Seth Safra, a partner in Proskauer’s employee benefits and executive compensation group, says that delaying or changing the fiduciary rule would have a significant impact on broker dealers, HSA providers and small benefit plan providers.
“I think they have put a lot into complying with these rules and changing their systems,” Safra says. From a business perspective, many have already changed their compensation structures from a commission-based system to fee-based.
“Some will decide they have already gone down that road and will continue to do it,” he says. “Others will continue to offer customers two options and not have to force people into a fee-based option.”
In the case of the best interest contract exemption, which has been the source of much angst in the retirement industry, Safra says that none of his clients would continue complying with the exemption if they didn’t have to.
“Even if they already sent them out, they would rescind them. I’m just guessing,” Safra adds.
Still, just because the administration has asked for a delay, it doesn’t mean that it will result in the fiduciary rule being eliminated, he says. There’s a good chance that parts of the fiduciary rule will continue on but without the best interest contract exemption, or if the BIC exemption remains, it might be less onerous than the original proposal.
Because there isn’t a labor secretary or head of the Employee Benefits Security Administration yet, “it will take time to get people in place to review it and ask questions,” he says.
Joy Napier-Joyce, practice group leader for the employee benefits practice group at Jackson Lewis P.C. in Baltimore, said recently that she didn’t think Alexander Acosta, Trump’s new nominee to head the Department of Labor, would “come in and halt that train or drastically change direction. I do think under his leadership will be a holistic look at the rule; the DOL was asked to consider the costs associated with it and the regulatory burden.”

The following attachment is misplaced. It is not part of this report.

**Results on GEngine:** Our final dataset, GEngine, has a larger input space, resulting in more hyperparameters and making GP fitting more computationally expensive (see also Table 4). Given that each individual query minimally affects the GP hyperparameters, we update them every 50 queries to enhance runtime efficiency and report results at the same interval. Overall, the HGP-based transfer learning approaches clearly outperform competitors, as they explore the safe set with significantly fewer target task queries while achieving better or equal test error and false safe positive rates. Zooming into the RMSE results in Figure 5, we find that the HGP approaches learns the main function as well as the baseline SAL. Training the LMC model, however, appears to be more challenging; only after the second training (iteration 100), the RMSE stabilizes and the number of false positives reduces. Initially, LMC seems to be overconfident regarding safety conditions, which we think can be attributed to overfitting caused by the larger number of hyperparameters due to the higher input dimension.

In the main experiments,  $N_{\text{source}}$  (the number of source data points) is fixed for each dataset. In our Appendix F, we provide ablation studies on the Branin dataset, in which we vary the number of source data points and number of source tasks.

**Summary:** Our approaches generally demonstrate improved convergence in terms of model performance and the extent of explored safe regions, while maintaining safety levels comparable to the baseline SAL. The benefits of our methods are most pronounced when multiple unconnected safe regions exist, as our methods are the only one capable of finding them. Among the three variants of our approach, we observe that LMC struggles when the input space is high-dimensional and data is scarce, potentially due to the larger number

Most financial institutions have already changed their business models to comply with the fiduciary rule in April, so Napier-Joyce doesn’t believe those companies will completely go back to their previous business models, even if the rule is eventually rescinded.
“I think that what we will still see is some of the work that went into complying will be here to stay, regardless of whether it is mandated in a rule or not for part of the industry,” she says. “We may see other products come back but not a wholesale move away from the products that were created in response to the rule.”
Tim Pawlenty, CEO of Financial Services Roundtable, says that “FSR believes a best-interest standard should be implemented for all investment accounts and that financial professionals should act in the ‘best interest’ of their customers. But such a requirement should be implemented without miles of bureaucratic red tape. The DOL’s rule will lead to fewer retirement savings choices for many Americans and we are encouraged the DOL is proposing to delay this rule.”
The Financial Services Roundtable believes the Securities and Exchange Commission should be the agency that crafts a best-interest standard for all brokerage accounts, including IRAs, held by retail customers and that the DOL should fully rescind its rule on this matter.